11. Heather Has Two Mommies by Leslea Newman
    13. The Catcher in the Rye by J.D. Salinger
    16. Goosebumps (Series) by R.L. Stine
    19. Sex by Madonna
    22. A Wrinkle in Time by Madeleine L’Engle
    26. The Stupids (Series) by Harry Allard
    32. Blubber by Judy Blume
    35. We All Fall Down by Robert Cormier
    37. The Handmaid’s Tale by Margaret Atwood
    41. To Kill a Mockingbird by Harper Lee
    43. The Outsiders by S.E. Hinton
    45. Bumps in the Night by Harry Allard
    46. Deenie by Judy Blume
    47. Flowers for Algernon by Daniel Keyes
    51. A Light in the Attic by Shel Silverstein
    52. Brave New World by Aldous Huxley
    55. Cujo by Stephen King
    56. James and the Giant Peach by Roald Dahl
    57. The Anarchist Cookbook by William Powell
    60. American Psycho by Bret Easton Ellis
    62. Are You There, God? It’s Me, Margaret by Judy Blume
    69. Slaughterhouse-Five by Kurt Vonnegut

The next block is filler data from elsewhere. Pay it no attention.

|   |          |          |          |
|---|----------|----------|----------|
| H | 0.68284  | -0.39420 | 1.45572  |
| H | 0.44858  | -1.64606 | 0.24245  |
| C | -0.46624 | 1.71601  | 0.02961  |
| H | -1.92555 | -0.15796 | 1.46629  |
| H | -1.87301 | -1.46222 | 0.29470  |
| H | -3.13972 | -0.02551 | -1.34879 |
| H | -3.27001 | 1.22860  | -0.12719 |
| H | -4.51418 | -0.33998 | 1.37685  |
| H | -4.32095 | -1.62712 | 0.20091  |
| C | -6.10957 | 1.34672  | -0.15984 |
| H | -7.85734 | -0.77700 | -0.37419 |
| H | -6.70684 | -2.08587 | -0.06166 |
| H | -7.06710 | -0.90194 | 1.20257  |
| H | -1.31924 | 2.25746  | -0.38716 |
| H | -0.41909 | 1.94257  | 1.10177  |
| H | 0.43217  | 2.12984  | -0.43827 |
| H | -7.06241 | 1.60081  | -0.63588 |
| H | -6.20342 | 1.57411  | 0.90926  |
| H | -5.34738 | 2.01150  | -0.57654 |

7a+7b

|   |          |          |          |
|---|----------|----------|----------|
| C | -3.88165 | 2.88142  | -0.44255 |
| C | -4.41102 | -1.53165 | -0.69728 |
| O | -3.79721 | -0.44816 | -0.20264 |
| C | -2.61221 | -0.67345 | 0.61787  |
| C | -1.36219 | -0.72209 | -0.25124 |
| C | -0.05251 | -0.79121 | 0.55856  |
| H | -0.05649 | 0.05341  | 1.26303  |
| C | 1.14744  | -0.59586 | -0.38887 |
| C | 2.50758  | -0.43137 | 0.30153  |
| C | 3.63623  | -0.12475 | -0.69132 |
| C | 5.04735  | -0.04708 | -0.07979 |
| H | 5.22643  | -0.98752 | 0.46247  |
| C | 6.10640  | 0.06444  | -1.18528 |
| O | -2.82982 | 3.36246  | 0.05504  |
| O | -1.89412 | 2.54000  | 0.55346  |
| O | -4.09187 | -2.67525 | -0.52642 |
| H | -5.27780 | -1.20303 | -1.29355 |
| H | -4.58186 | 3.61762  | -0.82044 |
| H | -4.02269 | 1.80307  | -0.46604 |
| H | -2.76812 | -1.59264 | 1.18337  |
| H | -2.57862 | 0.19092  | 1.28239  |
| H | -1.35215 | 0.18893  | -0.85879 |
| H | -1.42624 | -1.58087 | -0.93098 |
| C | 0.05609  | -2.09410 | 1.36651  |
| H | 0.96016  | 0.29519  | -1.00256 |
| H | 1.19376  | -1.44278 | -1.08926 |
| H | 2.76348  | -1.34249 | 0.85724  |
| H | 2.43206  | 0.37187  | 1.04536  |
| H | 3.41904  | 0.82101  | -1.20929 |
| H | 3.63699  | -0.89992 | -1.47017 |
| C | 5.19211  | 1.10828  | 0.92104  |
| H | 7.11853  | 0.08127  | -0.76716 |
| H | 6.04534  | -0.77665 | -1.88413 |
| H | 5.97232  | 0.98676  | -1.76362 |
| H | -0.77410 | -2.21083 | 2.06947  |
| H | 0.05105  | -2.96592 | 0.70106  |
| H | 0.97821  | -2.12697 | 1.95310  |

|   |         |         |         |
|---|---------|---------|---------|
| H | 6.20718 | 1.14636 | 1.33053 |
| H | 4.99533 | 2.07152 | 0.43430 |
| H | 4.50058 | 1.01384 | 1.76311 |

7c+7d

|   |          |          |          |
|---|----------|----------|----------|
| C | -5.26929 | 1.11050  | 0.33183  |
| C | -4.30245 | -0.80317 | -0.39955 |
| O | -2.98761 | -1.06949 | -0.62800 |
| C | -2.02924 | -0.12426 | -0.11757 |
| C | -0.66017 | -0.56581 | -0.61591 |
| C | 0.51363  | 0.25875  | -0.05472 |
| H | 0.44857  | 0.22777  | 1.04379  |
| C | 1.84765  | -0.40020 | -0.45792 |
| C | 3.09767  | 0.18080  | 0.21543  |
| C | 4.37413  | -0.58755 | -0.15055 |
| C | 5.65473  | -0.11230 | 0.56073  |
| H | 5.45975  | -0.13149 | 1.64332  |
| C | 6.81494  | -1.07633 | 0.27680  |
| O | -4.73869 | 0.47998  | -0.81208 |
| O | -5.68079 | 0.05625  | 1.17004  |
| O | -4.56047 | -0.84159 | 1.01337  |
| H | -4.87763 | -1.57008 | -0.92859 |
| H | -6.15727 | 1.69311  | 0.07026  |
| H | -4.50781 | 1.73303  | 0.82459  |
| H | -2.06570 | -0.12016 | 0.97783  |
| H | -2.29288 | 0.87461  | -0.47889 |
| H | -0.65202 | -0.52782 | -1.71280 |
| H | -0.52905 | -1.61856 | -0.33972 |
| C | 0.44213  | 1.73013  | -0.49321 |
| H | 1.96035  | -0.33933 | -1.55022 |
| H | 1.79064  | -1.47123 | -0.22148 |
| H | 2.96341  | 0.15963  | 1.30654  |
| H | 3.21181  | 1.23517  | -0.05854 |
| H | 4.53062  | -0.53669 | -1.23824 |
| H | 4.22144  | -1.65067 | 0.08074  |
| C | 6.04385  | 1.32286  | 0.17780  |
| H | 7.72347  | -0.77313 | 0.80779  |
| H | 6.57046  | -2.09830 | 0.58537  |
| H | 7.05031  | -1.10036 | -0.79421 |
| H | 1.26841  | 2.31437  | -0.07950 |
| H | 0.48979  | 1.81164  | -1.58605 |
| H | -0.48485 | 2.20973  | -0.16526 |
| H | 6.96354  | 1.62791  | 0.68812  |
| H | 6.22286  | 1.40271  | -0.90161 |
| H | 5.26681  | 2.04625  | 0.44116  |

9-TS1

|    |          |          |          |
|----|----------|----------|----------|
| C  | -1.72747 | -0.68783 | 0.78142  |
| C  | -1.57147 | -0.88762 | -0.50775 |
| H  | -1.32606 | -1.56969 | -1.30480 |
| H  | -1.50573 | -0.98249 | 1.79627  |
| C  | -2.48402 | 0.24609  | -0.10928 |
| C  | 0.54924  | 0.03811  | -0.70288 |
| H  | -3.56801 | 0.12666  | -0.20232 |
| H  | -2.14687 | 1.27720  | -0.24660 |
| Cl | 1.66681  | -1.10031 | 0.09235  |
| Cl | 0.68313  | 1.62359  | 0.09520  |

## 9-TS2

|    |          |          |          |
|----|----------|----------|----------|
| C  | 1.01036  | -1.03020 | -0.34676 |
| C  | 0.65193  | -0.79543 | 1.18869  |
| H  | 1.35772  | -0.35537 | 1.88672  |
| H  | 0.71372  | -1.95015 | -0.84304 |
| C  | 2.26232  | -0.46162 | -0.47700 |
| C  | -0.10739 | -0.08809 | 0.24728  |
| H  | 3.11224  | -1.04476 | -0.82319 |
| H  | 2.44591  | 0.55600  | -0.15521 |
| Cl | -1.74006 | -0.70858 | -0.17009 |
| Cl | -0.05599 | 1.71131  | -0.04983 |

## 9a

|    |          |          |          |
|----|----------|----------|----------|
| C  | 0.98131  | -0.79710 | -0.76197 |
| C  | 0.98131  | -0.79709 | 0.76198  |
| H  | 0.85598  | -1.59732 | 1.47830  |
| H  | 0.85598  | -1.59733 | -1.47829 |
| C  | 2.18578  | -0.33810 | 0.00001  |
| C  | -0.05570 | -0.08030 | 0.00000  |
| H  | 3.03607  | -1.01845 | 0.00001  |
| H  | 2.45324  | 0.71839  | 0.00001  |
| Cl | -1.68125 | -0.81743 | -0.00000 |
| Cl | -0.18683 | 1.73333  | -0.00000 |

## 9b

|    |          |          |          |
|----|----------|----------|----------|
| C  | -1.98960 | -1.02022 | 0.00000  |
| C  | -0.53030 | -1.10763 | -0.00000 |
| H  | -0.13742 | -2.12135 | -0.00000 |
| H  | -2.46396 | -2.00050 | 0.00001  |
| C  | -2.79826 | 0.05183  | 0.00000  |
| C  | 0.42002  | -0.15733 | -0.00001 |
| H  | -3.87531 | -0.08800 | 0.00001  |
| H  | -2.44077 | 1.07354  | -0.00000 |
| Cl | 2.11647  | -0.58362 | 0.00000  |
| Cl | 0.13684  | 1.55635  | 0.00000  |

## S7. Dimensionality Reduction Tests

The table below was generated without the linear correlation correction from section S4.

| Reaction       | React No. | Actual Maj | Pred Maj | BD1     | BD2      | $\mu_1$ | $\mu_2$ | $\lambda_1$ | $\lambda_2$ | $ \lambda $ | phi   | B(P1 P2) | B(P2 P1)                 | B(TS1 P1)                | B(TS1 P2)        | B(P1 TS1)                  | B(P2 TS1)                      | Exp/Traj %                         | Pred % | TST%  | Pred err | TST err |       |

70. Lord of the Flies by William Golding
    77. Carrie by Stephen King
    78. Tiger Eyes by Judy Blume
    83. The Dead Zone by Stephen King
    84. The Adventures of Tom Sawyer by Mark Twain
    87. Private Parts by Howard Stern
    88. Where’s Waldo? by Martin Hanford

    Who knew being a Judy Blume fan when I was young and a Steven King fan when I was older would be so subversive! Umm... but someone want to explain how 'Where's Waldo' made that list?  

  2. Amy said...

    "but someone want to explain how 'Where's Waldo' made that list?"

    According to a website, it was because, in one of the pictures, there's a topless sunbathing woman somewhere. The comment was "Yes, but did you find Waldo?" :)

    I'm wondering about "How to Eat Fried Worms." I don't remember anything even remotely offensive about that.

    I've seen the movies for American Psycho and The Colour Purple. I should probably read the books...  

  3. Anonymous said...

    "James and the Giant Peach"? What the?

    (Didn't count how many for me, but I do get the Judy Blume points...)

    - Pam  

  4. Amy said...